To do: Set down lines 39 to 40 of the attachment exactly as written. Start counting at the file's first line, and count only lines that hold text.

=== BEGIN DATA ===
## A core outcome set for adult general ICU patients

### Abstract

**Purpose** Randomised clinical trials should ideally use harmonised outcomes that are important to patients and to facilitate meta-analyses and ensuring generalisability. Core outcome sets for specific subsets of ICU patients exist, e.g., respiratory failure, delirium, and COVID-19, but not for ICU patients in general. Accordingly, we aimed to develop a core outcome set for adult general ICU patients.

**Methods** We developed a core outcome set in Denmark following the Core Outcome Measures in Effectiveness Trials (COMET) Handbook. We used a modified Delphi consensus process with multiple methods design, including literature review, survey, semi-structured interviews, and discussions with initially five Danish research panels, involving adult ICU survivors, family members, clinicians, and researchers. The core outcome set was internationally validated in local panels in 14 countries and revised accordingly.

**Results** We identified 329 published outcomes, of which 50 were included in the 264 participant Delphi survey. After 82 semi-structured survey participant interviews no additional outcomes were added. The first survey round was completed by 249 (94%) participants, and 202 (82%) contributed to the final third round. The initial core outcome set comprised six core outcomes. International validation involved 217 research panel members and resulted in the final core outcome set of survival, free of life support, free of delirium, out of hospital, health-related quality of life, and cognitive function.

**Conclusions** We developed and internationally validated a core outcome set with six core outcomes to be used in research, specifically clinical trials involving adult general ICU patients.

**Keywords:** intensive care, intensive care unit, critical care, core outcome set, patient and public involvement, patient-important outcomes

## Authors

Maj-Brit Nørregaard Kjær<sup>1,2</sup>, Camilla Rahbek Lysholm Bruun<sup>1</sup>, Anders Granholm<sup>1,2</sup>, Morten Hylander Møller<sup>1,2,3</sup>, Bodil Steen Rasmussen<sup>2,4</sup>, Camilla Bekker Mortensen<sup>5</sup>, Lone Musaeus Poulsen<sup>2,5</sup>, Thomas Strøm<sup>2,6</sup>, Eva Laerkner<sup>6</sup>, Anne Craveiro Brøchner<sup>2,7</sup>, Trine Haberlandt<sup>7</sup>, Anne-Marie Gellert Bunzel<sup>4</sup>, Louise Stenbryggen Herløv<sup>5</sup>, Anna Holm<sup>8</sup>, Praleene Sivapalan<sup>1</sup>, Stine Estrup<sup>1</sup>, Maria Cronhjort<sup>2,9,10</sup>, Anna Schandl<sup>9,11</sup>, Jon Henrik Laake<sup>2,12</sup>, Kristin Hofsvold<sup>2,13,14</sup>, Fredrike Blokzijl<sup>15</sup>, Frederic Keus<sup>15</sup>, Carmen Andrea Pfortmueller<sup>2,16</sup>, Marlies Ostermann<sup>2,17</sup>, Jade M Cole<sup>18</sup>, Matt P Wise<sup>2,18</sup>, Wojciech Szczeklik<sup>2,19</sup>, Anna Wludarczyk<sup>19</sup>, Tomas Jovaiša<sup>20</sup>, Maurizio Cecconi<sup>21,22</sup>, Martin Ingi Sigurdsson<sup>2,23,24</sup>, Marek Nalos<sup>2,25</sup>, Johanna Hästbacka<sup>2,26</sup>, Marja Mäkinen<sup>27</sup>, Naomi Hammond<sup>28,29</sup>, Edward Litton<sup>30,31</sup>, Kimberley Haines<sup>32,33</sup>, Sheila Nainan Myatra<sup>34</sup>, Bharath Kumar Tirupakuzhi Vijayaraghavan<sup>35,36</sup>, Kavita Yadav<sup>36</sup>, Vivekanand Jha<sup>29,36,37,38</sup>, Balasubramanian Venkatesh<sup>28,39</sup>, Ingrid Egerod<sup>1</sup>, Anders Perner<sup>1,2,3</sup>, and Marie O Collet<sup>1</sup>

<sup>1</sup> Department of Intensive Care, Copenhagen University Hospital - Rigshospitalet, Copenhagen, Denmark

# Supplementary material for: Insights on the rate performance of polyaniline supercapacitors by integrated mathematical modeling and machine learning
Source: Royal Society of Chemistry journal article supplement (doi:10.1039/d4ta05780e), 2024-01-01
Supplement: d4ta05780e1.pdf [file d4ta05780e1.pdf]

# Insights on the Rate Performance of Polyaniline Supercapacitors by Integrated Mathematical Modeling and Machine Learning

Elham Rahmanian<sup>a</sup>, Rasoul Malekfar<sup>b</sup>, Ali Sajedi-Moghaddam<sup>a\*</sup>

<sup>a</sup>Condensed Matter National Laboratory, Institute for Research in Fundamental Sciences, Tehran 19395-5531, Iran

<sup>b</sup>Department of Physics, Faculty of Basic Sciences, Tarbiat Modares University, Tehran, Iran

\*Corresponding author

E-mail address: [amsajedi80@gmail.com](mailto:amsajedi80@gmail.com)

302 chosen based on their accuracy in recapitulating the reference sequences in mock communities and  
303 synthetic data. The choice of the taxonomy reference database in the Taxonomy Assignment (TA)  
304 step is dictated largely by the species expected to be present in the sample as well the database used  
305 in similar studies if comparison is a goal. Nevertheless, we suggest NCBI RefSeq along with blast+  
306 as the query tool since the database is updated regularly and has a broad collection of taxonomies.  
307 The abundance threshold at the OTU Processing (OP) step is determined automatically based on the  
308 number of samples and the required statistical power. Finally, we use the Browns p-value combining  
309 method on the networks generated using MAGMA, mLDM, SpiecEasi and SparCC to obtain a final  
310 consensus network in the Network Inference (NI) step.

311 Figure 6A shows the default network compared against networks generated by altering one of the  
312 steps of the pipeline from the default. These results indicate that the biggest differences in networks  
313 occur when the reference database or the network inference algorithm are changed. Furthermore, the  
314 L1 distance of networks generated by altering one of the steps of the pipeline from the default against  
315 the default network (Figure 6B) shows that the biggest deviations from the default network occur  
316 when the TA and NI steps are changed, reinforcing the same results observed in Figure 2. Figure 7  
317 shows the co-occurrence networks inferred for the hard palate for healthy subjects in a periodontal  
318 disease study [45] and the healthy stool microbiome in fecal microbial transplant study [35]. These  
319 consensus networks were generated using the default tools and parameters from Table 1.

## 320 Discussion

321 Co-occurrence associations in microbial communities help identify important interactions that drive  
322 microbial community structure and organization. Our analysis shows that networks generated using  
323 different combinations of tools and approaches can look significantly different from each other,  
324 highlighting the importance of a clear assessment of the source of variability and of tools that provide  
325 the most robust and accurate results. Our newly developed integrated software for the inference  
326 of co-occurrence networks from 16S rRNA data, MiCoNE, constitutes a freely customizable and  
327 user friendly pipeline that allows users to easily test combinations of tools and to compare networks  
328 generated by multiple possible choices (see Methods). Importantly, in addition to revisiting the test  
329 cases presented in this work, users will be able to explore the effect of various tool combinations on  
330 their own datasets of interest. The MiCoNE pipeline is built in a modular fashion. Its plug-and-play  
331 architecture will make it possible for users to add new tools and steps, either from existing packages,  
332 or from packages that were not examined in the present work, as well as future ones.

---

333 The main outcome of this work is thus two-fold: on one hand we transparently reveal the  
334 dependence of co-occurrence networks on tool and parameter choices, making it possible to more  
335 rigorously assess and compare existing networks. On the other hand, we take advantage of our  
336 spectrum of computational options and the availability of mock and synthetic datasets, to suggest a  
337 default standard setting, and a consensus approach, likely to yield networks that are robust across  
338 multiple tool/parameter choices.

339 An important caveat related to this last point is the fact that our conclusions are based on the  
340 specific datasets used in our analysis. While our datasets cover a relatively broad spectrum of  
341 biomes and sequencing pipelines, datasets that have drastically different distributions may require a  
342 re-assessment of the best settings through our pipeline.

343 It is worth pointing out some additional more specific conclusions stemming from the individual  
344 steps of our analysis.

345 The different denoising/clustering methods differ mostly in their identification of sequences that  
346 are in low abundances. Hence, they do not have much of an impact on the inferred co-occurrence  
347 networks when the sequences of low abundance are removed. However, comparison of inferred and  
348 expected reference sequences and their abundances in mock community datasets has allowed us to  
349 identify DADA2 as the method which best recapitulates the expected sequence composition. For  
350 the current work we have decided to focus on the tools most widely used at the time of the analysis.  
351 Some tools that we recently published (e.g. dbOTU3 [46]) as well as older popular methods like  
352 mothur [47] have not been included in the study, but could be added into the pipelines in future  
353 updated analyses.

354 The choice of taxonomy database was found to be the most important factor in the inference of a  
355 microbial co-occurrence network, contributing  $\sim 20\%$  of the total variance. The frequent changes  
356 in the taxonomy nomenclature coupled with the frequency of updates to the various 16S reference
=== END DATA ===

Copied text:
321 Co-occurrence associations in microbial communities help identify important interactions that drive  
322 microbial community structure and organization. Our analysis shows that networks generated using  